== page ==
A bud­get car with big ideas

It’s not one for road trips but it’s lekker for city traf­fic

The Witness - Wheels - - MOTORING - AMIL UMRAW

SUZUKI’s new “XL Small Car”, the Cele­rio, may have a name that sounds like some­thing you can mix into a salad, but all jokes aside, this lil’ car can make quite a sat­is­fy­ing ap­pe­tiser in your garage.

Suzuki this week launched six Cele­rio mod­els — all with the same 1,0 three­cylin­der fuel-in­jected en­gine. Prices start at R109 900 for the en­try level GA with no ser­vice plan and top out at R139 k for the GL.

The op­tion of no ser­vice plan, by the way, is a good one for any­one who has a me­chanic in the fam­ily and full marks to Suzuki for al­low­ing this free­dom.

Another bit of free­dom in the two en­try level GA mod­els is the ra­dio — there isn’t one. There are, how­ever, two front speak­ers and an aerial plug just wait­ing for you to add that sound deal your un­cle got for you. A good air-con­di­tioner and two air bags com­plete the en­try level mod­els’ in­te­rior fit­tings’ list.

With the GL mod­els come a ra­dio, CD player with Blue­tooth, elec­tric mir­rors, fog lamps, power steer­ing and a tilt­ing steer­ing col­umn.


On its lit­tle 14-inch steel wheels the Cele­rio’s styling isn’t go­ing to turn heads at the traf­fic light — its body shape looks like it could be the love-child of a Toy­ota Etios and a Dat­sun Go — but like those In­dian-built ri­vals, the Cele­rio also comes with more space inside than you’d think.

Which is why Suzuki calls it the “XL Small Car”. When I first fit­ted my­self inside, I didn’t re­ally grasp the amount of space at my dis­posal. But when I gave it a proper look around, I re­alised that if I dropped the back seats, I could have a lit­tle pic­nic for two in there.

I’m a big guy who nor­mally scrapes my coif against the roof lin­ing, but in this XL Suzi I can wear a Stet­son and not touch sides.


I did not get to drive the Cele­rio with Suzuki’s new “au­to­mated man­ual gear­box”. The press state­ment says an elec­tro-hy­draulic ac­tu­a­tor “al­lows clutch­less op­er­a­tion of a man­ual gear­box with­out the en­ergy losses usu­ally as­so­ci­ated with con­ven­tional torque con­verter-based au­to­matic trans­mis­sions”.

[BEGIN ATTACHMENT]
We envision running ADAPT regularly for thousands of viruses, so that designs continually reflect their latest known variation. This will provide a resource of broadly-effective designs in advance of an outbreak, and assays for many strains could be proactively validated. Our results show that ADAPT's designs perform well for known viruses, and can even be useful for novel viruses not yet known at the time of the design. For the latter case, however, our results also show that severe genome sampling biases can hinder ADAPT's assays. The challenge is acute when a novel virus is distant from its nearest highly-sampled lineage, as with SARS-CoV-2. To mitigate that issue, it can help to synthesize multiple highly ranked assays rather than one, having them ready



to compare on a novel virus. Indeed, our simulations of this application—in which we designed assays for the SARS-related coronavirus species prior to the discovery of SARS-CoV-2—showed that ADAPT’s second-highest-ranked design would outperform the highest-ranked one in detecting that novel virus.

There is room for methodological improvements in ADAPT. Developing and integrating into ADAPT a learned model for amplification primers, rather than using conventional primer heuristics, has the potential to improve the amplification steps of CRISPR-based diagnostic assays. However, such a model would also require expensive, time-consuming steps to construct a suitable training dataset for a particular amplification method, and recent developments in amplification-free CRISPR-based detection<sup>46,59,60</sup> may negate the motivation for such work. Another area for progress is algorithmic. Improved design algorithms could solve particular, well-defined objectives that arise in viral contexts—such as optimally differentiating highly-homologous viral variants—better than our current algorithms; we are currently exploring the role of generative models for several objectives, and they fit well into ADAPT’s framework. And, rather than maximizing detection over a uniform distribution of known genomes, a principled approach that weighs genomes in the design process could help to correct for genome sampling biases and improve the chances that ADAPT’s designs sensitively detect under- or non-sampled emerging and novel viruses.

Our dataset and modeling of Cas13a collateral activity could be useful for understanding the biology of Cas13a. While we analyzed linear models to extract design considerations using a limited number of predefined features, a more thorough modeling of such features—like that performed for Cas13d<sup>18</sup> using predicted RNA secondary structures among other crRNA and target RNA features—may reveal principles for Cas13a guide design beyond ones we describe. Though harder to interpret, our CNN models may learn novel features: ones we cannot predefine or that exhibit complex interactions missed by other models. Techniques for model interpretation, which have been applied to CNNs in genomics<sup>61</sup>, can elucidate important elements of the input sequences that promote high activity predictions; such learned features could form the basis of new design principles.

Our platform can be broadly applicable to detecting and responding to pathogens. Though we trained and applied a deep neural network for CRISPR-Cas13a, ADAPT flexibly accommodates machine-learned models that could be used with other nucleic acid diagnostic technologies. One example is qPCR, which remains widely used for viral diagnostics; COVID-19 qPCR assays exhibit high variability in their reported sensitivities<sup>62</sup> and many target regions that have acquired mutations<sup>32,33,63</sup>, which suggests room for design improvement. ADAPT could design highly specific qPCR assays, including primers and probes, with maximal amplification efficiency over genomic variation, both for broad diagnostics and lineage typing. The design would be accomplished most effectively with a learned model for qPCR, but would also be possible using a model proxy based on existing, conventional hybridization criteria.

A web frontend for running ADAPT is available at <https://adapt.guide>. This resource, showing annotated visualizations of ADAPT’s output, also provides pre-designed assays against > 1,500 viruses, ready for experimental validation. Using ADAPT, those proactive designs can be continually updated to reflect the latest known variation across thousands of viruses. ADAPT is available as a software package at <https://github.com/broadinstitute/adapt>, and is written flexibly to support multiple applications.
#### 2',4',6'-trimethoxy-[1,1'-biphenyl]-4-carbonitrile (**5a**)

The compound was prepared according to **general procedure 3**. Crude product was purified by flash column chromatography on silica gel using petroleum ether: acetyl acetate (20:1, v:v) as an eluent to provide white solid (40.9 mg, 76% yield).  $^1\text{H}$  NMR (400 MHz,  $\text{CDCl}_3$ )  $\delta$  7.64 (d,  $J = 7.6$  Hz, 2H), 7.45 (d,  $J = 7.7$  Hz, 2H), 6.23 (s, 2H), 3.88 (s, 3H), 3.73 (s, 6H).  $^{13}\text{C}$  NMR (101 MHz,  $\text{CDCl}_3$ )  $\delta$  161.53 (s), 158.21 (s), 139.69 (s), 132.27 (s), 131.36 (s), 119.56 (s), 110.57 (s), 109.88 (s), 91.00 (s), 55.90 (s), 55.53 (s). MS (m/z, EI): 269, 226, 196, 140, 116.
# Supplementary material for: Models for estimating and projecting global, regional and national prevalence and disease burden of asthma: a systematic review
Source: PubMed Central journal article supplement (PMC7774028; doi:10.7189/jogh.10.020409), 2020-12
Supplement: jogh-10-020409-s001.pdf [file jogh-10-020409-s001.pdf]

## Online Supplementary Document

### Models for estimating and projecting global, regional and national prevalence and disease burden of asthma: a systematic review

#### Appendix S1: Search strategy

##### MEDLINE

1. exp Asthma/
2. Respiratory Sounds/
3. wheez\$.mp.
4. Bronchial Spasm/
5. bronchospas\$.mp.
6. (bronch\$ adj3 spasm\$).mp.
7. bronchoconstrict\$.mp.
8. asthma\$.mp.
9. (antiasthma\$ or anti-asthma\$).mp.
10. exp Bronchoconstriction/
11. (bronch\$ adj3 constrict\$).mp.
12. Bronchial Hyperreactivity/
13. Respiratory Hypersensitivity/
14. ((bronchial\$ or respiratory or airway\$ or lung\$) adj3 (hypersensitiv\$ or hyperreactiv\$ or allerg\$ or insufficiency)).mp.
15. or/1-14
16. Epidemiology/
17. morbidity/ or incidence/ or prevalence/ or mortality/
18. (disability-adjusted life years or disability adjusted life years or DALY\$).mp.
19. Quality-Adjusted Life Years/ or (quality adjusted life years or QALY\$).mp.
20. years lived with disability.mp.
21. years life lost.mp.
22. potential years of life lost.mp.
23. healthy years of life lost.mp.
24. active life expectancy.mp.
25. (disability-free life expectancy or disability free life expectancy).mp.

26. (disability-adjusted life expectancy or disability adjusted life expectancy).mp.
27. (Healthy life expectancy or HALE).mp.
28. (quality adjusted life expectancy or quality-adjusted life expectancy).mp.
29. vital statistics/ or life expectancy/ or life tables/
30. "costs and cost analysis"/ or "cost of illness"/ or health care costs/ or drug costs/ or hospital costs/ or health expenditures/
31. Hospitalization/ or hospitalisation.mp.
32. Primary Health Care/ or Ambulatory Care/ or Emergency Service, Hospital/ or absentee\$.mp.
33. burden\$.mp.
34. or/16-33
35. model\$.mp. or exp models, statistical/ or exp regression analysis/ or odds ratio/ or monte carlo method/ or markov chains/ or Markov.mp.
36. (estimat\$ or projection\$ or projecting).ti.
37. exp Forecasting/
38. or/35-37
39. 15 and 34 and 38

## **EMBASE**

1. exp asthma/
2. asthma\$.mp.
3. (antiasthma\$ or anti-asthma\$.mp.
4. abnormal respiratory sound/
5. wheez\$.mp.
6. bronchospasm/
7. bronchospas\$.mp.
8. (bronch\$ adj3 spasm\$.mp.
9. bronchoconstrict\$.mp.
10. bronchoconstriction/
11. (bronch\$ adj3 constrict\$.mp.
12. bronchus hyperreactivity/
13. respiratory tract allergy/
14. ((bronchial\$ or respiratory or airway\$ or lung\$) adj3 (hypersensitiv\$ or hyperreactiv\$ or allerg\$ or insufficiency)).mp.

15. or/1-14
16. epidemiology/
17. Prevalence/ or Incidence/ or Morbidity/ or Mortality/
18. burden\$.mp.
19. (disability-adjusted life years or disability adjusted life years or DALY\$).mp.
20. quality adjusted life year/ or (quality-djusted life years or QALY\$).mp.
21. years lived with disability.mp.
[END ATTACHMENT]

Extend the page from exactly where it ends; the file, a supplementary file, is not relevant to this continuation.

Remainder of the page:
The sys­tem syn­chro­nises clutch con­trol, gearshift ac­tion and en­gine speed, and has a creep func­tion to al­low smooth op­er­a­tion in stop-start city traf­fic.

Watch this space as we test drive that creep func­tion next.


The Cele­rio ticks a lot of boxes, but long road trips is not one of them. De­spite the peak torque start­ing at a rel­a­tively low 3 500 rpm, you only get 90 New­tons from that three-cylin­der block, which makes over­tak­ing the thou­sands of trucks on the N3 a mat­ter of con­stant swear­ing.

But drive this wee world car in the city and the fuel con­sump­tion will make you sing. All the Cele­rio asks is that you just tickle the go-faster pedal with the right toe and in re­turn it will give you 21 km per litre (4,6 l/100). De­pend­ing on your load and ter­rain, that could mean driv­ing 750 km on the 35-litre tank.


With the fo­cus on econ­omy, the Cele­rio will never be the pep­per in a salad, but it could be the roasted broc­coli: af­ford­able, sur­pris­ingly tasty and very good for you.

All this makes it a very good con­tender for the ti­tle of per­fect bud­get car, be it for stu­dents or a granny who needs to run to the shops a few times a week. In this price range, the Cele­rio com­petes with the Dat­sun Go 1,2, the Geely MK 1,5, the Ch­ery QQ3 1,1, the Chevro­let Spark 1,0 and the Tata Indica 1,4 LE.

• Facts and im­pres­sions gath­ered dur­ing a Suzuki-spon­sored launch.


Just tickle it: the Suzuki Cele­rio prom­ise over 20 km per litre if you take it easy.


Not to shabby Nige: the in­te­rior is neat in this price range and if you drop the back seats, you can have a lit­tle pic­nic in there.

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